A study which was conducted in the US last year to examine the impact of influencer marketing and social media on purchasing behavior among consumers, found that more than eight in 10 respondents were swayed by video to purchase a product, compared to half that number who were driven to purchase by textual social media content.
In addition to digital platforms, some consumer brands have launched home appliances such as refrigerators with a screen on the front, that can synchronize with a smart TV and broadcast video content simultaneously in the kitchen while it plays on the television set in another room, extending the reach of traditionally non-video viewing platforms.
The concept of smart homes, offices and cities enables the use of video cameras and facial recognition technology in every corner of our working and living space, storing hours of collected footage in the cloud. This includes gadgets such as video doorbells that provide glimpses of visitors on the porch when the doorbell rings, as well as video surveillance cameras that allow family members to keep watch on their children and pets in real-time while working at the office or away overseas.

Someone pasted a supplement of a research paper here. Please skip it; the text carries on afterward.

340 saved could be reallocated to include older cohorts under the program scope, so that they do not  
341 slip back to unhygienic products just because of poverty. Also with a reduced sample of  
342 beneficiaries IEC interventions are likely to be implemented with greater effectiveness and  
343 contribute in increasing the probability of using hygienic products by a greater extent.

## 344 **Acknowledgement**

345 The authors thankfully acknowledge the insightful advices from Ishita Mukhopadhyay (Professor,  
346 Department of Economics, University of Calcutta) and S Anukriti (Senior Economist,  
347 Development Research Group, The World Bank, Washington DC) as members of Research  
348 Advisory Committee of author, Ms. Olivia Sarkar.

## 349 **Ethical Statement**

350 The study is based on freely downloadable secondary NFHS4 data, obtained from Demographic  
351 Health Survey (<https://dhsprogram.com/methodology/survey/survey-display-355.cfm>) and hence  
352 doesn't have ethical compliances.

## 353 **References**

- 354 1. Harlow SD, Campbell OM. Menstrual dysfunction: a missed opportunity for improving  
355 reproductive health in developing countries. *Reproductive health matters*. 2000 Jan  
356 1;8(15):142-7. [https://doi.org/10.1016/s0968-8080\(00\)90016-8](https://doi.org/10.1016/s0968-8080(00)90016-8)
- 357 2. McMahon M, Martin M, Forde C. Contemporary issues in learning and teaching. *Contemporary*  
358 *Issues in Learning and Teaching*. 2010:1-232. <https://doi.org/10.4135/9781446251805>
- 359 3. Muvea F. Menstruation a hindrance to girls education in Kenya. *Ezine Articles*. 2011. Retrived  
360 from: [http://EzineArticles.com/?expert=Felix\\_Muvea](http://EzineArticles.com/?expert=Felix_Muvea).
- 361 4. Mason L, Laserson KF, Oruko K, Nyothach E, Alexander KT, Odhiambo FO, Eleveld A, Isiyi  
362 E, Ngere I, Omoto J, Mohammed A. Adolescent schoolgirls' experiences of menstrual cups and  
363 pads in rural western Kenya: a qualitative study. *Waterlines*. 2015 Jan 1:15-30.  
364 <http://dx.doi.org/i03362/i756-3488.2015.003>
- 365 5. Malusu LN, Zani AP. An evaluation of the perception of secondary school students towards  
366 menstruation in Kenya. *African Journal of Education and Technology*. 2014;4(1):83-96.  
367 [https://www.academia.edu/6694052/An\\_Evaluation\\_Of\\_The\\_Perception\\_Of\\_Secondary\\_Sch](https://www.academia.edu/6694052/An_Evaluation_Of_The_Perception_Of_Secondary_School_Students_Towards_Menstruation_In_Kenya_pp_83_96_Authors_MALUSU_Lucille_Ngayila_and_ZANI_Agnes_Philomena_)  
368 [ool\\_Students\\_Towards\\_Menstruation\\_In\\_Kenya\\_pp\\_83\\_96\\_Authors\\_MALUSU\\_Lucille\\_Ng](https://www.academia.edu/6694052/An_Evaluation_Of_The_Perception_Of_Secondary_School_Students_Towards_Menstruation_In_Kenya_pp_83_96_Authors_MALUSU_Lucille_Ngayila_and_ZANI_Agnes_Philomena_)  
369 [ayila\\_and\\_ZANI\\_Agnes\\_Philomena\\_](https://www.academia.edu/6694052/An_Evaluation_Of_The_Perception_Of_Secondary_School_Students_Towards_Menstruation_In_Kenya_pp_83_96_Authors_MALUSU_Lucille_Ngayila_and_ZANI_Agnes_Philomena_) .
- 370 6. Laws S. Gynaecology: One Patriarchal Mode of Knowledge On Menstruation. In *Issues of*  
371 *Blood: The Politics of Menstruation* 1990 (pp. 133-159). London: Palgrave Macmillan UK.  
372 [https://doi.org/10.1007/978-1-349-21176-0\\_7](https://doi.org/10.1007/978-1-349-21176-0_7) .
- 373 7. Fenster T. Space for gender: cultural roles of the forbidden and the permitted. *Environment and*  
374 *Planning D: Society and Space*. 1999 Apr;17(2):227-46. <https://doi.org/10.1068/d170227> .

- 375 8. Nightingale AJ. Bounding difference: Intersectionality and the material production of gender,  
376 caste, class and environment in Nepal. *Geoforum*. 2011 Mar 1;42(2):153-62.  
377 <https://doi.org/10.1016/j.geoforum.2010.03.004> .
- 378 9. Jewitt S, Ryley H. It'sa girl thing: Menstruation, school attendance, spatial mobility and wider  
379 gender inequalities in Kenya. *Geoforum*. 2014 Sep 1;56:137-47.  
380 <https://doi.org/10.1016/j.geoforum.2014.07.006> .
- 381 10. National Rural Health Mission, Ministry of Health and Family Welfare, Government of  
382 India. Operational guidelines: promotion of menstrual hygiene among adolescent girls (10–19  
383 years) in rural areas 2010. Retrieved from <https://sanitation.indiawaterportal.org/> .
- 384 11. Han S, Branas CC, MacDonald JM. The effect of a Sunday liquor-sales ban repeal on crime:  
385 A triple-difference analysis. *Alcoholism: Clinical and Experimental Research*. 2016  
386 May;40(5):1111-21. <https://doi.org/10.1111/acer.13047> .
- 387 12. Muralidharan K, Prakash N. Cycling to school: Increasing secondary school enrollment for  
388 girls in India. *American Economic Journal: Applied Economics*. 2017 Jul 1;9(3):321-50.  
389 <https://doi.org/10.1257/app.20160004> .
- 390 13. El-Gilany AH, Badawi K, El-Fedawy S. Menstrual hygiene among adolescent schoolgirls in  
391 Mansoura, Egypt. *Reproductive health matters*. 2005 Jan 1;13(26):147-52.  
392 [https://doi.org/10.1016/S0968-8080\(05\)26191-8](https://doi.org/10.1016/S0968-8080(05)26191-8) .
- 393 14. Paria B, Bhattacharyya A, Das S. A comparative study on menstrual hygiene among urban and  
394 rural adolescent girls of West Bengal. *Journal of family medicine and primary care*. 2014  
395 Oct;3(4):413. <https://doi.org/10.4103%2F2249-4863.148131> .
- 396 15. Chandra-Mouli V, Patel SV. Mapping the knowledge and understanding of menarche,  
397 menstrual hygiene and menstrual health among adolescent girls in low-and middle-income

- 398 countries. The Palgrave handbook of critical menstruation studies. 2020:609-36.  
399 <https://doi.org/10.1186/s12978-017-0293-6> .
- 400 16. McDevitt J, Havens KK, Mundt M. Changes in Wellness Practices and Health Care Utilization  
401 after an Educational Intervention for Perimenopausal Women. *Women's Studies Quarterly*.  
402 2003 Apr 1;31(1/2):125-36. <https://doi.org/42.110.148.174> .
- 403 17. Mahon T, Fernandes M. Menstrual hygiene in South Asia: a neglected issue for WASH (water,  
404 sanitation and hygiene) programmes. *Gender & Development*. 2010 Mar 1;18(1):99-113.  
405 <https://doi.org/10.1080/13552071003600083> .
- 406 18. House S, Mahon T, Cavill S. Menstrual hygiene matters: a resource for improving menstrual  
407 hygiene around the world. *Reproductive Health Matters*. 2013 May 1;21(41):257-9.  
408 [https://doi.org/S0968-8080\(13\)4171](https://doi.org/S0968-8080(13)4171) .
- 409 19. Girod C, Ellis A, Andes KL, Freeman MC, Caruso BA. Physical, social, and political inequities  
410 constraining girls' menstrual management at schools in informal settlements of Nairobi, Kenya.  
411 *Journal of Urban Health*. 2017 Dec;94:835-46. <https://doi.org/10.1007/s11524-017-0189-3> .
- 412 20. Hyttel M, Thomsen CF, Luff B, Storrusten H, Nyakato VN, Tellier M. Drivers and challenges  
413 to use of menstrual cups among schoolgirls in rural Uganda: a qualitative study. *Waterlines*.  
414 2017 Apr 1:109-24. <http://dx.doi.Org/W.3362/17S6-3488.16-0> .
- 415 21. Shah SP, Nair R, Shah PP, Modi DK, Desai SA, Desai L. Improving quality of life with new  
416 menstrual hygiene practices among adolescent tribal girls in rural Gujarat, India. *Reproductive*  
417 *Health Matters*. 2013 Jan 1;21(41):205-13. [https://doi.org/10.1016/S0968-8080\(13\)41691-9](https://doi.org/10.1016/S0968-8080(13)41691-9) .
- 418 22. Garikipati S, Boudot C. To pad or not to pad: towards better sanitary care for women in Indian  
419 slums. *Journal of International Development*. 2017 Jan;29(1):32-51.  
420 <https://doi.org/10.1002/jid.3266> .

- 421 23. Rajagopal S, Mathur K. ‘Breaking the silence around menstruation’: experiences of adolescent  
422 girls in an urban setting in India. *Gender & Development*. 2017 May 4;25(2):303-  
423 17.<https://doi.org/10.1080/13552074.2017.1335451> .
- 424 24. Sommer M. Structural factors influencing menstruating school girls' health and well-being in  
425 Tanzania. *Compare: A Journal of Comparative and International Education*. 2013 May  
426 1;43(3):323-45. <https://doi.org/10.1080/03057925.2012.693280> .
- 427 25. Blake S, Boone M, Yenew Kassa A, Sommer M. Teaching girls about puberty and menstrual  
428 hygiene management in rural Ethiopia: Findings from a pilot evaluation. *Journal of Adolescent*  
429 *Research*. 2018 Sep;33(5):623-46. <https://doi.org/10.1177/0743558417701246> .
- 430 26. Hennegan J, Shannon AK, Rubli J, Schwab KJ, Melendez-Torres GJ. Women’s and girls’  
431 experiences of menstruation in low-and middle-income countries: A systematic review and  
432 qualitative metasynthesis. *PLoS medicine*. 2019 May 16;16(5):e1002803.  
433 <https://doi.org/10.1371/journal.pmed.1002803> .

Going beyond videos, Gartner’s top 10 strategic technologies for 2019 predicts that digitization will blend the digital and physical worlds together to create an immersive world, changing how humans perceive and interact with the world today.
Video as a business enabler
In the year 2022, 70% of enterprises will be experimenting with immersive technologies for consumer and enterprise use, and 25% will have deployed to production. Augmented reality (AR), mixed reality (MR) and virtual reality (VR) are expected to have a considerable impact on sectors including industrial manufacturing and maintenance, sports events, architecture, navigation and tourism.
With the help of immersive technologies, an expert engineer will be able to work with a colleague in a remote factory to get a piece of equipment back online when the production line is shut down, increasing productivity, efficiency and safety levels.
Two key factors in enabling new immersive formats to go mainstream will be reductions in latency and support for more symmetrical uplink/downlink throughput – both of which are attributes of 5G, not forgetting greater reliability as well as higher speeds.
This was seen through cloud-gaming and VR training simulator demonstrations earlier this month at the launch of 5G Garage, Singapore’s first live 5G facility. The 5G Garage is a collaboration between Ericsson, Singtel and Singapore Polytechnic (SP) that is aimed at creating a thriving 5G ecosystem in Singapore through the development of 5G solutions for enterprises.
According to the Ericsson Mobility Report, the world average data consumption for video streaming is forecasted to reach 16.3GB per month at the end of 2024, while the world average data consumption will stand at 21GB for the same period.
Judging by these figures, video is here to stay, and will drive data consumption as well as digital disruption for good, in 2019 and beyond.
This article was first published on Questex, on 18 February 2019. Information is correct at the time of publication.